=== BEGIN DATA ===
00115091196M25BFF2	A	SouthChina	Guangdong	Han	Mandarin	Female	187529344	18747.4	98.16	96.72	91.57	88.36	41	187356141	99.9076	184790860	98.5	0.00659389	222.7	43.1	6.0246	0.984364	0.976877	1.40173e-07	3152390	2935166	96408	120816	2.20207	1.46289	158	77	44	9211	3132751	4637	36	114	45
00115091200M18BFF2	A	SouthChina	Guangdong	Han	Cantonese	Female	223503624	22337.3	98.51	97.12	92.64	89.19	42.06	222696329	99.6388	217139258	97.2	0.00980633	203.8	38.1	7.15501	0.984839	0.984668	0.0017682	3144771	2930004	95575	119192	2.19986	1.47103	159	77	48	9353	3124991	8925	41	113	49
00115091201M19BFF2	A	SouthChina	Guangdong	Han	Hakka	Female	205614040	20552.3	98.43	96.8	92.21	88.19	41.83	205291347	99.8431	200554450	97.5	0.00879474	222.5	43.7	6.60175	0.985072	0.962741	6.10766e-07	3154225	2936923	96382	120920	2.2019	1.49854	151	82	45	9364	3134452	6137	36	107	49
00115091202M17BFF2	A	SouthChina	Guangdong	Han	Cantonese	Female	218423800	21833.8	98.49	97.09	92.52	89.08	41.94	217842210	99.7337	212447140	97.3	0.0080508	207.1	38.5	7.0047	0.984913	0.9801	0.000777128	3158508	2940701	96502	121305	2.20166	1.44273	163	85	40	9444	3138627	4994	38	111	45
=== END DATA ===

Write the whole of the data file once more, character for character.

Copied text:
00115091196M25BFF2	A	SouthChina	Guangdong	Han	Mandarin	Female	187529344	18747.4	98.16	96.72	91.57	88.36	41	187356141	99.9076	184790860	98.5	0.00659389	222.7	43.1	6.0246	0.984364	0.976877	1.40173e-07	3152390	2935166	96408	120816	2.20207	1.46289	158	77	44	9211	3132751	4637	36	114	45
00115091200M18BFF2	A	SouthChina	Guangdong	Han	Cantonese	Female	223503624	22337.3	98.51	97.12	92.64	89.19	42.06	222696329	99.6388	217139258	97.2	0.00980633	203.8	38.1	7.15501	0.984839	0.984668	0.0017682	3144771	2930004	95575	119192	2.19986	1.47103	159	77	48	9353	3124991	8925	41	113	49
00115091201M19BFF2	A	SouthChina	Guangdong	Han	Hakka	Female	205614040	20552.3	98.43	96.8	92.21	88.19	41.83	205291347	99.8431	200554450	97.5	0.00879474	222.5	43.7	6.60175	0.985072	0.962741	6.10766e-07	3154225	2936923	96382	120920	2.2019	1.49854	151	82	45	9364	3134452	6137	36	107	49
00115091202M17BFF2	A	SouthChina	Guangdong	Han	Cantonese	Female	218423800	21833.8	98.49	97.09	92.52	89.08	41.94	217842210	99.7337	212447140	97.3	0.0080508	207.1	38.5	7.0047	0.984913	0.9801	0.000777128	3158508	2940701	96502	121305	2.20166	1.44273	163	85	40	9444	3138627	4994	38	111	45